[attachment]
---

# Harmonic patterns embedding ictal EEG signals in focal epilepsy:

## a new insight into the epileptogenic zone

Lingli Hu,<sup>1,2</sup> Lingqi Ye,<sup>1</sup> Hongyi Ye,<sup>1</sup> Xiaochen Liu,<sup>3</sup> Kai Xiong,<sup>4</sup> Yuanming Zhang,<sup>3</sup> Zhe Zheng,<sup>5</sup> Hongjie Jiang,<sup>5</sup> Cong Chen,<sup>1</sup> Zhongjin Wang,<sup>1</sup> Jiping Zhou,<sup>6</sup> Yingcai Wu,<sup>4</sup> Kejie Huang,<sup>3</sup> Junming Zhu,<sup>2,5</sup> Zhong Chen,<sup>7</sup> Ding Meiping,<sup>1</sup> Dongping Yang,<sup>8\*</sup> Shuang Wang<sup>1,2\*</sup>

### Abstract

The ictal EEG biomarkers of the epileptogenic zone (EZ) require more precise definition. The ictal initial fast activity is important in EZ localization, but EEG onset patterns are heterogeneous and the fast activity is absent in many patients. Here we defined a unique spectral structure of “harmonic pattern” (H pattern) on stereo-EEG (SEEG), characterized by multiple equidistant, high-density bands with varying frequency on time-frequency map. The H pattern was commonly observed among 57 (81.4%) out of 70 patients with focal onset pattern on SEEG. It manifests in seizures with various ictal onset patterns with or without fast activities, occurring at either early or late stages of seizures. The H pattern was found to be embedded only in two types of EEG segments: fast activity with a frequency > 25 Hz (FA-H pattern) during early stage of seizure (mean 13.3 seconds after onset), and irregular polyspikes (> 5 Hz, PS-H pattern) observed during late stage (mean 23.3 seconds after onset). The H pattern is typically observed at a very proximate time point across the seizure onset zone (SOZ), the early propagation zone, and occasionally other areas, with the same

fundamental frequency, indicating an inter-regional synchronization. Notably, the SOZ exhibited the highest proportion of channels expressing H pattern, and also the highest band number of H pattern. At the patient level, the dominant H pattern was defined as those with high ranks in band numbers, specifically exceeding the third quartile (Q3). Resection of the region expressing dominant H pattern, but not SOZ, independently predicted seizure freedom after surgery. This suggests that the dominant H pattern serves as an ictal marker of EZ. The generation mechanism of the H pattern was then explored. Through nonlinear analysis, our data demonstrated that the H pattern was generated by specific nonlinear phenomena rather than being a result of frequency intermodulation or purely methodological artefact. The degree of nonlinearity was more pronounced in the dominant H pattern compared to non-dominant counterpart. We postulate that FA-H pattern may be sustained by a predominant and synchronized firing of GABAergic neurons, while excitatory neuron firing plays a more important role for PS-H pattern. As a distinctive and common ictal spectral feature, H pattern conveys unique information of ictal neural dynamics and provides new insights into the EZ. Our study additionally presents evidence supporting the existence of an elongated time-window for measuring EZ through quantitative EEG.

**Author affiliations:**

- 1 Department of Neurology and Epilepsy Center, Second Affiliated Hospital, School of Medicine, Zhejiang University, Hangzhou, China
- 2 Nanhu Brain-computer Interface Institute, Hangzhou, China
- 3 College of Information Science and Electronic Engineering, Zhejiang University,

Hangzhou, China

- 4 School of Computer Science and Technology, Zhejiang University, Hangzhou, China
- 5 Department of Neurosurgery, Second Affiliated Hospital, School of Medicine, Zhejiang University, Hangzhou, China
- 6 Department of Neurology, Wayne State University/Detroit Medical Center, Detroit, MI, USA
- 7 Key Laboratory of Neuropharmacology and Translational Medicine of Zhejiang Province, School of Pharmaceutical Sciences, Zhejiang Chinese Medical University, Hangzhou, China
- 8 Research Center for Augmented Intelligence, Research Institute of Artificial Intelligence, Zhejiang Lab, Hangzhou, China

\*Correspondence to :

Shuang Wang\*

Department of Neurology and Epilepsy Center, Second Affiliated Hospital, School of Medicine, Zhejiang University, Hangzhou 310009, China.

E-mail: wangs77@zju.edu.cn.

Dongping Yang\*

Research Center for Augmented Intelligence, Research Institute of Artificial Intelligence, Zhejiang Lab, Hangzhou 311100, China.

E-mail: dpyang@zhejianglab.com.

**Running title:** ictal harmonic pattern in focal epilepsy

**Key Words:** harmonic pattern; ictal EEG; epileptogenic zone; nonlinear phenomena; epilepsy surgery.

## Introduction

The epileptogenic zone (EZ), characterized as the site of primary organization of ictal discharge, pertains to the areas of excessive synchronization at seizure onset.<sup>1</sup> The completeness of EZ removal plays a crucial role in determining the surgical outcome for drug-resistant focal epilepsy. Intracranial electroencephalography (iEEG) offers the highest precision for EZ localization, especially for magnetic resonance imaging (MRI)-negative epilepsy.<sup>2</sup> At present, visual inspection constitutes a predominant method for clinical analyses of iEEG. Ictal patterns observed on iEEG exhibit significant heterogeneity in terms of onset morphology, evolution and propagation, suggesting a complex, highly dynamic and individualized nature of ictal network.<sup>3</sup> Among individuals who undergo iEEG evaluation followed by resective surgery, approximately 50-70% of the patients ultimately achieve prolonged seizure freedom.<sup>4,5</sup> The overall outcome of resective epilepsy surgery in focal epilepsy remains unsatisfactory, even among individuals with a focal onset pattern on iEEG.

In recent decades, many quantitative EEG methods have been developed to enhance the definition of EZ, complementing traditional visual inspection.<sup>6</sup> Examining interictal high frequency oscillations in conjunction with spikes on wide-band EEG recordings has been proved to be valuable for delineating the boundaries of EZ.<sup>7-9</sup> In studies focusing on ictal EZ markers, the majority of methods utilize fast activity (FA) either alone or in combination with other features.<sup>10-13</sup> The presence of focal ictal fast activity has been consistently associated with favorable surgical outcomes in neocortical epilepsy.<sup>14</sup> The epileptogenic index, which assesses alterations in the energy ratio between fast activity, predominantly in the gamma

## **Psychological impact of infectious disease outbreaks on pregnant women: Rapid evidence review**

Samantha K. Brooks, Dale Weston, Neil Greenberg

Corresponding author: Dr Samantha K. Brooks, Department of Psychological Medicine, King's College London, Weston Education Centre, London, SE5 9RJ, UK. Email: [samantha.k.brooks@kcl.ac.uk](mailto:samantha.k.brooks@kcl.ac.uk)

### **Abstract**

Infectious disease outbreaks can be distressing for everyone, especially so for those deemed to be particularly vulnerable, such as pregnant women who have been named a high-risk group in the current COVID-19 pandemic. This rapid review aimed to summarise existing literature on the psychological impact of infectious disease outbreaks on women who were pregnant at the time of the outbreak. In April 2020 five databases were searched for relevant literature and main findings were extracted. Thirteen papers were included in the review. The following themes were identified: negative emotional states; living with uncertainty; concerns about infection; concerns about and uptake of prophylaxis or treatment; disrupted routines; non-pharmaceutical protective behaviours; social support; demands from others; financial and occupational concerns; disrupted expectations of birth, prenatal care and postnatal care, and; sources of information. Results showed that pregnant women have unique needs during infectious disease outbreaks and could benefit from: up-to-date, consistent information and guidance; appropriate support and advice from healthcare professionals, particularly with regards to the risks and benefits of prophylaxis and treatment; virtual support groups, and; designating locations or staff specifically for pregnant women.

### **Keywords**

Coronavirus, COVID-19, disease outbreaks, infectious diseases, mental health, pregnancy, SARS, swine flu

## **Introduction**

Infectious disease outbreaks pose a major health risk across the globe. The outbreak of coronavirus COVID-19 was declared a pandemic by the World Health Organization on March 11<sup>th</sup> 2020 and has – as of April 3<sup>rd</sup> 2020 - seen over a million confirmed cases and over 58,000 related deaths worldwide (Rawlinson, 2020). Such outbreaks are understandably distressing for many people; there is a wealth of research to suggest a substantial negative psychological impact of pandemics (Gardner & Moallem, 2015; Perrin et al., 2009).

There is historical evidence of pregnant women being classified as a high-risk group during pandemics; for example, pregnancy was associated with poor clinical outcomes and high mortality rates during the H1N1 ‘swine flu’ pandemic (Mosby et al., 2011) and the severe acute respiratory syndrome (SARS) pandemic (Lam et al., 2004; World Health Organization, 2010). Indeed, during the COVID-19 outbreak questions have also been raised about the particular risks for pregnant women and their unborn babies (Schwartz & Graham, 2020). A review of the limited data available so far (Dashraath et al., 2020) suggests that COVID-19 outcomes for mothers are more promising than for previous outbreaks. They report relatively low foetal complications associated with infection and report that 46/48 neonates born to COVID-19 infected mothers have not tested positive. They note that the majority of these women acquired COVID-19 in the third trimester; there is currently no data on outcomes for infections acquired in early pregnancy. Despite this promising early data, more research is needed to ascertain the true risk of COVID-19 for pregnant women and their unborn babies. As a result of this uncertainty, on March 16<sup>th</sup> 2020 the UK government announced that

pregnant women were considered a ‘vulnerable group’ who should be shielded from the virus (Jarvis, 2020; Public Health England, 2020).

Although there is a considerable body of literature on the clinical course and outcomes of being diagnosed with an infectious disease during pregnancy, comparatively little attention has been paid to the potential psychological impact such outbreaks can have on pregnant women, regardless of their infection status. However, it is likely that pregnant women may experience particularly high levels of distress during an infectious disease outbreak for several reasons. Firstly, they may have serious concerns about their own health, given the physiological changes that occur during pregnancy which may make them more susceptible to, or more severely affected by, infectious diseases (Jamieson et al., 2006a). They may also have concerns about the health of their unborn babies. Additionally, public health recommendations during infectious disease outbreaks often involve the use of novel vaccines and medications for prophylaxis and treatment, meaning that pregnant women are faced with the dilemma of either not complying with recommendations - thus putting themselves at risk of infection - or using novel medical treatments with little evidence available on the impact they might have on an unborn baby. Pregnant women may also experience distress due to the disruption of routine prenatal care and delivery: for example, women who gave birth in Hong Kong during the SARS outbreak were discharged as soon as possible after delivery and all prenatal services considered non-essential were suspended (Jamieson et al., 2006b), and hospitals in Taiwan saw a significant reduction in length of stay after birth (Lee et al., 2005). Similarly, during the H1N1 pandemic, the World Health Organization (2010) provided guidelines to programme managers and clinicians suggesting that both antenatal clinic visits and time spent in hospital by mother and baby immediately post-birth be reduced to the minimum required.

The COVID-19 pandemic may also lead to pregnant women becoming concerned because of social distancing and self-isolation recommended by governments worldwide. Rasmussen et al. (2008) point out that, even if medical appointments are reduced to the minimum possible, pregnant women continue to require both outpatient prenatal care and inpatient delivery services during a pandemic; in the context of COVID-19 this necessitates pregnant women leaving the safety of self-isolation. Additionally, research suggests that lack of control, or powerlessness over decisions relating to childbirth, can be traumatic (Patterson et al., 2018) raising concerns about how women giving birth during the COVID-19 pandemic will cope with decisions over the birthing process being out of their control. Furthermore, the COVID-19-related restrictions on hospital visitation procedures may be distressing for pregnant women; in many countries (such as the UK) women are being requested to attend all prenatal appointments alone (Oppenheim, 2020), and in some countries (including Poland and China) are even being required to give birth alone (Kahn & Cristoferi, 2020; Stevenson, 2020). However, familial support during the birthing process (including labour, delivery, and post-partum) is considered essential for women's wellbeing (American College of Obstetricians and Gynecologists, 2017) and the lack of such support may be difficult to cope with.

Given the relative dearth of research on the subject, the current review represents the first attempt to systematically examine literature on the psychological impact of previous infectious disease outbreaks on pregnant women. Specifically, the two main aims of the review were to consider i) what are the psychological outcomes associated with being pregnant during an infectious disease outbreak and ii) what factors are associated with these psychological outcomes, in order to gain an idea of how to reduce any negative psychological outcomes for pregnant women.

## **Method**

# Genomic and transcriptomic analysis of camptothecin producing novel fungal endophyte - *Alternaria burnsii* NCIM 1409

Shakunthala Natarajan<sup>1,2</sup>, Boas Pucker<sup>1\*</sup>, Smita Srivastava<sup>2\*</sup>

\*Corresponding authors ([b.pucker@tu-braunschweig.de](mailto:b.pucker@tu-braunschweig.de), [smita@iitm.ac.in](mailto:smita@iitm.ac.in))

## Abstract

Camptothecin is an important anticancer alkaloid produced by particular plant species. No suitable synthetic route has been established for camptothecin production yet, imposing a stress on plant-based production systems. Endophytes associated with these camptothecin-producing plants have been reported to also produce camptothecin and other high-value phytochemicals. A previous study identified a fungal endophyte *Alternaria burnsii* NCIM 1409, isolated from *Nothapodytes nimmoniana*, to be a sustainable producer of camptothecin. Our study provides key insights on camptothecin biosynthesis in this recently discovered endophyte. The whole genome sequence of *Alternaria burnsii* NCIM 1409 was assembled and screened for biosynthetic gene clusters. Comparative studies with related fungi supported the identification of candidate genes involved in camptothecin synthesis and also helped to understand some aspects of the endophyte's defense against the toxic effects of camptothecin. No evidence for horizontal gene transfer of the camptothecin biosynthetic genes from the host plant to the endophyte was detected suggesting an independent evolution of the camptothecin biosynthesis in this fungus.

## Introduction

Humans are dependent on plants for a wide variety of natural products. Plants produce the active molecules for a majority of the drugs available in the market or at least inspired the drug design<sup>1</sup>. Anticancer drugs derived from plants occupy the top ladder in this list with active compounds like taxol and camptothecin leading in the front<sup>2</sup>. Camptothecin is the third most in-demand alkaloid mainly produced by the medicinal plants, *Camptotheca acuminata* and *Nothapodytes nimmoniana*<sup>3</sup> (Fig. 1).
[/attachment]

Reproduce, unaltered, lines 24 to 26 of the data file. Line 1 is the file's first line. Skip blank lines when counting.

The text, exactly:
E-mail: dpyang@zhejianglab.com.

**Running title:** ictal harmonic pattern in focal epilepsy

**Key Words:** harmonic pattern; ictal EEG; epileptogenic zone; nonlinear phenomena; epilepsy surgery.